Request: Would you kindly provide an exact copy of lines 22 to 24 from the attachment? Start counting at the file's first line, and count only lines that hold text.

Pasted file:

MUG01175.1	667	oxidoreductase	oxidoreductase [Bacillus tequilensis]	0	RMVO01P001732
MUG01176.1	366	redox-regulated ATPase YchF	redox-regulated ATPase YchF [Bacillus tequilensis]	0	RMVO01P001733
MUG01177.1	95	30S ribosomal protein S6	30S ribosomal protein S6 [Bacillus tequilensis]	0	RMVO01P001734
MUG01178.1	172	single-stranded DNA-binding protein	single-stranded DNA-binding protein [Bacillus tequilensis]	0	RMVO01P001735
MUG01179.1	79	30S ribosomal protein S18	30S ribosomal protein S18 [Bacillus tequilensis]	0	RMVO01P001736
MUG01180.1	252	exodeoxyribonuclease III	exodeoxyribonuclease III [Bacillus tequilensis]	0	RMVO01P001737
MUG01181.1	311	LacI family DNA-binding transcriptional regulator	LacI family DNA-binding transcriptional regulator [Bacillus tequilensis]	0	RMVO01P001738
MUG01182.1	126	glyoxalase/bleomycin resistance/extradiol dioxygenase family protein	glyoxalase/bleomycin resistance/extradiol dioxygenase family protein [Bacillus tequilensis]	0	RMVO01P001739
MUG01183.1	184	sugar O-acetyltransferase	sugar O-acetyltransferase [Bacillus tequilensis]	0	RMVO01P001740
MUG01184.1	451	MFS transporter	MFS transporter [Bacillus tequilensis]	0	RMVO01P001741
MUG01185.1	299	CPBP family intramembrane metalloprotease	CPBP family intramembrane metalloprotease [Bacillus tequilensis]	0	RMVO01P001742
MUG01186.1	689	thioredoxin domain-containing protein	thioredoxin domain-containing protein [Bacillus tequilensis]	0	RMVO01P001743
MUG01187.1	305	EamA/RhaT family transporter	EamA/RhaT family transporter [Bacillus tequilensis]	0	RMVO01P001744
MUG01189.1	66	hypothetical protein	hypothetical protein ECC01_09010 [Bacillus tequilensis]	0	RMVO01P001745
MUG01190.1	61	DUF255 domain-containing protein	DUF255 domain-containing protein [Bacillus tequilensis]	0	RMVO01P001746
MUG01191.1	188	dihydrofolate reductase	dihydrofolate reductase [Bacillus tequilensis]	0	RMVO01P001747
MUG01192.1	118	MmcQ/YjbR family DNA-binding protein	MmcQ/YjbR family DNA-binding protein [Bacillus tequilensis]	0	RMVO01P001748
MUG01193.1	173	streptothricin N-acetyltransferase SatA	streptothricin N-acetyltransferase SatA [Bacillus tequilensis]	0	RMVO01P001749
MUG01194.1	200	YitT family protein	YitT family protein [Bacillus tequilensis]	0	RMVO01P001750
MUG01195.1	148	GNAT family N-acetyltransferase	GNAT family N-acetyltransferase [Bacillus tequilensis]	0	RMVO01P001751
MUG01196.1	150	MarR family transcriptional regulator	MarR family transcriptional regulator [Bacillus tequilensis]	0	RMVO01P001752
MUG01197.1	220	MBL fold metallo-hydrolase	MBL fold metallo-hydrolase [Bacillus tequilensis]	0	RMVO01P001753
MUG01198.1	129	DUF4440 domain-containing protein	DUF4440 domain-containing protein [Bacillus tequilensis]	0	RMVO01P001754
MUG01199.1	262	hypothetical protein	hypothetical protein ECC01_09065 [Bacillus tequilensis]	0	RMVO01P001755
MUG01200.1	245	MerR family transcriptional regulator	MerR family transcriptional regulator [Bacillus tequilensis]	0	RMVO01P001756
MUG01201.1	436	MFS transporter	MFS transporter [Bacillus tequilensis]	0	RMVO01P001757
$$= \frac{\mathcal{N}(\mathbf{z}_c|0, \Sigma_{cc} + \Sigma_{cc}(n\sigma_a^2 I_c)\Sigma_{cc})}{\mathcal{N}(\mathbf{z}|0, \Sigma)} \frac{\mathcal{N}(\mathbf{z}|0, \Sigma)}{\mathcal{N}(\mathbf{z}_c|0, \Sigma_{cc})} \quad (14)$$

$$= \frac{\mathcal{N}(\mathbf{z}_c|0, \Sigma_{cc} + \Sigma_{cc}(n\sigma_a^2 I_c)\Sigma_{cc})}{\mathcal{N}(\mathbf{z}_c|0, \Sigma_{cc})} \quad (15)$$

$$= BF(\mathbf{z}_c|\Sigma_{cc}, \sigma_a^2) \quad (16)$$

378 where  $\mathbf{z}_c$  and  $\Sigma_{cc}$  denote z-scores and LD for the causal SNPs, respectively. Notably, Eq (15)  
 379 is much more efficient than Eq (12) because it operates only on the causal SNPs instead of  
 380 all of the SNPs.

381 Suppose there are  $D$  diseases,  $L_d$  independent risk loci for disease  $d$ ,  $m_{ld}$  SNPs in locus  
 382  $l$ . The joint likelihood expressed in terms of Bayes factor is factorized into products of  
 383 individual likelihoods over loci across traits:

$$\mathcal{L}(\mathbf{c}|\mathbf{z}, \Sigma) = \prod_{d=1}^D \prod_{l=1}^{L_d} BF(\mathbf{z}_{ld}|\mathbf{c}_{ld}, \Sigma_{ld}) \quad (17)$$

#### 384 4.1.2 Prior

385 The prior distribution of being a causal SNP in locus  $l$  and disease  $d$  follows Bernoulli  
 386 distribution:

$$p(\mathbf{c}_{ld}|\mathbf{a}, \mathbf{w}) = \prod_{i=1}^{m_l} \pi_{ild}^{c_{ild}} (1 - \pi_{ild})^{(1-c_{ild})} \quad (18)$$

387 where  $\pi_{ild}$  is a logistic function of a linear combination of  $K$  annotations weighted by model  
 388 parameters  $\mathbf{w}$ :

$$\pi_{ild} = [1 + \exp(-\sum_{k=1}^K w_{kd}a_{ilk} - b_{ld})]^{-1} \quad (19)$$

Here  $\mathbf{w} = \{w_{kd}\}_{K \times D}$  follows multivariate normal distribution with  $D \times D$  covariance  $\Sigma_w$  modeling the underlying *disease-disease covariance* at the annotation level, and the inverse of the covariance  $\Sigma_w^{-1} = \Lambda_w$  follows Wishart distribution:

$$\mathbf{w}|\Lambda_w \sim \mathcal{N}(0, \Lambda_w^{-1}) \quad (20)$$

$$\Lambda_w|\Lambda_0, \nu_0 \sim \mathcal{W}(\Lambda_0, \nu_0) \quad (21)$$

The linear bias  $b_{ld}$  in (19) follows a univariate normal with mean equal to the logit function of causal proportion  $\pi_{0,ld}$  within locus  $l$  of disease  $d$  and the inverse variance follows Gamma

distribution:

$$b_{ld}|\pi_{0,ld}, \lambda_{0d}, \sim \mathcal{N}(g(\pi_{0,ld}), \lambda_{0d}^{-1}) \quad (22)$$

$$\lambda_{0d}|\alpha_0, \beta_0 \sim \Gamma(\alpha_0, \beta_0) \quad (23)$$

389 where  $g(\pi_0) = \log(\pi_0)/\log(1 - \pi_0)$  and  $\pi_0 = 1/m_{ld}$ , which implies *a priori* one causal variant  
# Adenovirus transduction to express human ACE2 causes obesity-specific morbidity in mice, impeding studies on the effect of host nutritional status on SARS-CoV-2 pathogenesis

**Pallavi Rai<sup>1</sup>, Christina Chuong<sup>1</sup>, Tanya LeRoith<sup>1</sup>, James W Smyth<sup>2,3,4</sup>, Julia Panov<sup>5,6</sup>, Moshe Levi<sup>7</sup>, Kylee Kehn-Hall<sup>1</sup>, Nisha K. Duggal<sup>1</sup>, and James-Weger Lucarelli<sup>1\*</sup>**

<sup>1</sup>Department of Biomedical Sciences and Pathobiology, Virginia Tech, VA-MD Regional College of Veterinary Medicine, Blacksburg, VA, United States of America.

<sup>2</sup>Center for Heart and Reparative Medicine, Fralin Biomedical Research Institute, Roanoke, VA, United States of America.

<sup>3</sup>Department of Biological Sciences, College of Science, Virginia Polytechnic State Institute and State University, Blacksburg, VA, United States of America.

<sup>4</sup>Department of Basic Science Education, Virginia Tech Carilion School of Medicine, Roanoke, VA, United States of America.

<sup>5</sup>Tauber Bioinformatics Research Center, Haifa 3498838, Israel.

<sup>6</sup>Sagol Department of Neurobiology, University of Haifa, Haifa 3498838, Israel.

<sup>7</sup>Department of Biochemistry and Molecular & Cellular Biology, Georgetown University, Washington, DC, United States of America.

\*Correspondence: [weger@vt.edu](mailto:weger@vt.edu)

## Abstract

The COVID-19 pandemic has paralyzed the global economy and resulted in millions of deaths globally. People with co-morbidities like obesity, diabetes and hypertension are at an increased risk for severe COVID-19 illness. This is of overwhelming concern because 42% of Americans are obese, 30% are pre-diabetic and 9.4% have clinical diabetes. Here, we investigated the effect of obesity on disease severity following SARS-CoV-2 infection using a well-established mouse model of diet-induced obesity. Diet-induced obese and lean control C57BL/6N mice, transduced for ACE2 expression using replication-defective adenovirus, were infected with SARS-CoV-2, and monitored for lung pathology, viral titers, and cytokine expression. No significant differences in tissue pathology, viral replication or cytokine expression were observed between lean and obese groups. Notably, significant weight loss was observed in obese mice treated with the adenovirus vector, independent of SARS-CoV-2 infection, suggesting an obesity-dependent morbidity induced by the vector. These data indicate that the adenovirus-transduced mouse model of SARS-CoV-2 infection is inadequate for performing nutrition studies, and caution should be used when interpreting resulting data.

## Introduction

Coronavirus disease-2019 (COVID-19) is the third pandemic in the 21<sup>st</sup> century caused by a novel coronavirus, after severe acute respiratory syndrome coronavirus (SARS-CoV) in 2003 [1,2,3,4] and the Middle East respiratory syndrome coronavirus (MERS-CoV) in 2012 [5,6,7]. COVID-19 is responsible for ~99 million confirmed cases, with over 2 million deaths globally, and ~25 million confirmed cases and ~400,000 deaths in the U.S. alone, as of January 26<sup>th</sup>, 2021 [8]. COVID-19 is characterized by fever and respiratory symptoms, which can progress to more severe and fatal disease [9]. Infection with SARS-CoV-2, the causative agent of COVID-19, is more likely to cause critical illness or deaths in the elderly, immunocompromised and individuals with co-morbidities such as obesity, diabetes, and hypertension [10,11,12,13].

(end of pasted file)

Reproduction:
MUG01197.1	220	MBL fold metallo-hydrolase	MBL fold metallo-hydrolase [Bacillus tequilensis]	0	RMVO01P001753
MUG01198.1	129	DUF4440 domain-containing protein	DUF4440 domain-containing protein [Bacillus tequilensis]	0	RMVO01P001754
MUG01199.1	262	hypothetical protein	hypothetical protein ECC01_09065 [Bacillus tequilensis]	0	RMVO01P001755